For all the endless foot-stamping, placard-waving protest of Trump’s most vocal critics, the fact they live in a country where they can criticise their President without looking forward to ending their days in a labour camp is worth remembering. The ridicule Dubya received during his tenure in the White House looks like gentle leg-pulling in comparison to the treatment meted out to the Donald, though those meting it out are still allowed to do so free from fear of being carted off and never seen again. Faced with persistent provocation from North Korea, Trump is naturally going to respond; but Trump being Trump means this response will inevitably be in the style of an NFL coach bigging up his team on the eve of the Superbowl. Trump gave his adoring supporters exactly what they asked for when he spoke at the UN, whereas those on the other side were understandably appalled by his ‘come and have a go if you think you’re hard enough’ approach. Obama would have done things differently, but Obama hardly left the world a safer place than how he found it by doing things differently.

One positive move amidst the rather tense atmosphere has come from China – still the one country in a real position to cut North Korea down to size without resorting to nuclear options; in response to the latest UN sanctions, China has reduced the amount of oil it supplies to its troublesome trading partner and has also stopped buying North Korean textiles. The latter might not sound much, but many of the clothes that have a ‘Made in China’ label sown into them emanate from North Korea, and the ban could cost the country upwards of £350m a year. As for the oil, North Korea purchased almost 2.2 million barrels from China last year, so that will hurt it too.

Kim Jong-un has no qualms over murdering members of his own family to ensure he remains in power, so flouting international laws and the authority of the UN probably doesn’t cause him any existential angst. And, ironically, there are enough of Trump’s own countrymen who regard their President as a dangerous idiot to find themselves in agreement with the Asian Ro-land’s opinion of the Donald. As Ray Davies once said, it’s a mixed-up, muddled-up, shook-up world.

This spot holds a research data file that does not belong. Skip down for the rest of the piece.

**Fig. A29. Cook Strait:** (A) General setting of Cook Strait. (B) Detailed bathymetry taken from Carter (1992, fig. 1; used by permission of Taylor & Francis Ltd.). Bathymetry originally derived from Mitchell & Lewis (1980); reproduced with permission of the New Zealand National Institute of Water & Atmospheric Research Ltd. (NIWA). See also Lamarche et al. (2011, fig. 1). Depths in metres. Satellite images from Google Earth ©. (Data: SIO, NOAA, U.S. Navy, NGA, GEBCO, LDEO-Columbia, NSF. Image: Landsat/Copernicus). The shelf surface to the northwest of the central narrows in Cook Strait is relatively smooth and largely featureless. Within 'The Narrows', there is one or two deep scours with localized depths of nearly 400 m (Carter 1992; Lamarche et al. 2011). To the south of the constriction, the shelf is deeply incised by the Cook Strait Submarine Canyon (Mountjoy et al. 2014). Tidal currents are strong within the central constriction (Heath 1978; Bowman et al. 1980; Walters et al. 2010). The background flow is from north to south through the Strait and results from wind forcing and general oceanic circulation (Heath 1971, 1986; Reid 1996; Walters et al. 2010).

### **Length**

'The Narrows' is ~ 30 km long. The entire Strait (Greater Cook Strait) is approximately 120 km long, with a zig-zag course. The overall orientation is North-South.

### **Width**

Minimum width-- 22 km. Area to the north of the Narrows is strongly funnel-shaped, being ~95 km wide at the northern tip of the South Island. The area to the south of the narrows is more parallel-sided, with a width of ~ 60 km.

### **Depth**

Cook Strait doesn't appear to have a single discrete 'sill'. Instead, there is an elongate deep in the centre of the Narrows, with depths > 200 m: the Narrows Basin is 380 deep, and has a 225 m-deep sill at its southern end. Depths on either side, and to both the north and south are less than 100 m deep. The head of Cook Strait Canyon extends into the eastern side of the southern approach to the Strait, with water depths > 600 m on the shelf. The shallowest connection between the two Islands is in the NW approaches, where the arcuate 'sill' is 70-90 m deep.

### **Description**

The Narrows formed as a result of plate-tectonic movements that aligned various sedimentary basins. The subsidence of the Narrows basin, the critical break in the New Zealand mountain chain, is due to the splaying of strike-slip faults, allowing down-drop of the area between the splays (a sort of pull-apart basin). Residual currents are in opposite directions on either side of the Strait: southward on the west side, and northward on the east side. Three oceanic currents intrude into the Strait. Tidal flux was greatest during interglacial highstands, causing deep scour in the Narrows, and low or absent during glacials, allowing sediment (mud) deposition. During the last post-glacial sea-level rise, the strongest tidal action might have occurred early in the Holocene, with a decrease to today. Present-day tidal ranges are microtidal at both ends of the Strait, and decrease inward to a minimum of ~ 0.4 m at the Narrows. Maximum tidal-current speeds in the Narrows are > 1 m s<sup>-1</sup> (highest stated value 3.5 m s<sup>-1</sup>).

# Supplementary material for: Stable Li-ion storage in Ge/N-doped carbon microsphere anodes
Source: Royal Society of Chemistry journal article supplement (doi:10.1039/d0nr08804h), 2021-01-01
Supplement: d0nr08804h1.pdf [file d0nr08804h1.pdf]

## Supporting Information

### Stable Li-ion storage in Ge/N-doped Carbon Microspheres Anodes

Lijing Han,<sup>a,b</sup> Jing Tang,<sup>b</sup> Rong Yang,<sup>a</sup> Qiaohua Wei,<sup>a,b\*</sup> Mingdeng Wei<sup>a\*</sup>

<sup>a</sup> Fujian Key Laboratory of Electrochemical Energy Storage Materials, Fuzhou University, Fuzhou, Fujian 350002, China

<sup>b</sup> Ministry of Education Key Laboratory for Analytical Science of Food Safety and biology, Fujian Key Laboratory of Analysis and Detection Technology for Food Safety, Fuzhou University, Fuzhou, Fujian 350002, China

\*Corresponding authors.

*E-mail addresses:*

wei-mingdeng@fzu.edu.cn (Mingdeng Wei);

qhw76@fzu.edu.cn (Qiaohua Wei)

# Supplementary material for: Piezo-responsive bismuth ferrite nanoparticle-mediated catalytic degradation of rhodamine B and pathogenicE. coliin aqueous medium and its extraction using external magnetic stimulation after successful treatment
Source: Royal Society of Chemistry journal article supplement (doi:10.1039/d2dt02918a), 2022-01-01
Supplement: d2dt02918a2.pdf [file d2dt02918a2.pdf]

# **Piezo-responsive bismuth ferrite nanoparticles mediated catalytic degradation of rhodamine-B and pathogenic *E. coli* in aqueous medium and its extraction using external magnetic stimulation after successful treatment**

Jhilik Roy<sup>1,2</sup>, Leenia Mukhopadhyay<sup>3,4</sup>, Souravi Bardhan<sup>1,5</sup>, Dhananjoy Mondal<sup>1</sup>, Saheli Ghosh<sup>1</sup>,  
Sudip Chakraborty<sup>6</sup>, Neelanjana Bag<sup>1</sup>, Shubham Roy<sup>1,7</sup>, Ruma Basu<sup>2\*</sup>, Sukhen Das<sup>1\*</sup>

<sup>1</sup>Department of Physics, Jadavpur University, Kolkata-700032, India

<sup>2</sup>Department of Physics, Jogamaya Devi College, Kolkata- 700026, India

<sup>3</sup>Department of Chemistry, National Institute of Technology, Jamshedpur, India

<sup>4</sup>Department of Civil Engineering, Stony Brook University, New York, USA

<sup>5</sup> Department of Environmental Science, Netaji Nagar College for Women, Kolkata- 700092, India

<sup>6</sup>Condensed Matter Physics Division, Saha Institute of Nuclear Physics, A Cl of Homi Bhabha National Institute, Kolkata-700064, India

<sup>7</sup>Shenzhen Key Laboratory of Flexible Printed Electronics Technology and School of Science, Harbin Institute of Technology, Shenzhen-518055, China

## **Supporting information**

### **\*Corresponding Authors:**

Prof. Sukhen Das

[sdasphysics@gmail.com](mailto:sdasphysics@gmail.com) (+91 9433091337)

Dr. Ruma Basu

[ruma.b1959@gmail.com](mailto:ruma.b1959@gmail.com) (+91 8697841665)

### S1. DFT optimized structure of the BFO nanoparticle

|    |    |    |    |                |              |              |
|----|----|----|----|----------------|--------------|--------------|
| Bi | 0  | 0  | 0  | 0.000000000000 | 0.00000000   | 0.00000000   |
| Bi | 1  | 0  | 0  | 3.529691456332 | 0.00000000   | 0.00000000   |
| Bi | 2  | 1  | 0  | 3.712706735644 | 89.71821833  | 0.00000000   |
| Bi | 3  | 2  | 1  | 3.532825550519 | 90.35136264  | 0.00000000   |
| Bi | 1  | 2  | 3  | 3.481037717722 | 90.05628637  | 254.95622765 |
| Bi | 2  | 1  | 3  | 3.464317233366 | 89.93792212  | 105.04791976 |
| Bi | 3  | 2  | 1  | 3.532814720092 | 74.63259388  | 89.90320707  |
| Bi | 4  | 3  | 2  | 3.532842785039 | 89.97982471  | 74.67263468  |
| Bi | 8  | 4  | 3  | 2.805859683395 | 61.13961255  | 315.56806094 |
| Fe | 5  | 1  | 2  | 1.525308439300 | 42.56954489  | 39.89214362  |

© The Editor

3 thoughts on “MADMEN

  1. The problem with sanctions is that they rarely hurt the ruling elite, keeping all their effects for the already dirt-poor and oppressed.
    If the textile factories close, then thousands more ordinary North Korean folk don’t get paid, so don’t eat. If the oil dries up, goods won’t be transported for them and their electricity supply will be even less reliable for them, so a miserable life gets even worse. None of that will affect the enclaves of the powerful.
    The usual gamble is that the effect of sanctions will cause the people to rise up and depose their rulers, or that the rulers will fear insurrection enough to change their approach. In lands ruled by dictators or the military, that generally doesn’t happen, so the sanctions just hurt those they should be helping and help those they should be hurting.

    I don’t profess to have an answer to this current high-volume war of big-willy rhetoric, but I reckon trade sanctions alone will not change the landscape, certainly not as much as a couple of H-bombs might.

    Liked by 1 person

    1. Often when sanctions of this nature have been imposed – long-term in the likes of, say, Apartheid South Africa or Rhodesia – a sizeable guerrilla movement is active and the ruling elite is having to deal with that on top of everything else. In a totalitarian regime such as North Korea, there appears to be no resistance at all, which adds to the limiting effect sanctions can have, I guess. But at the moment, I don’t think the UN has anything else it can bring to the table; it seems as stuck for options as the rest of us. China would seem to be the only hope, really.

      Like

      1. You’re right that China is the key player, but China has a much bigger agenda – only if it considers that agenda to be at risk would it need to damage its ‘buffer-zone’ of North Korea. It’s a big game of chess going on.

        Liked by 1 person

Comments are closed.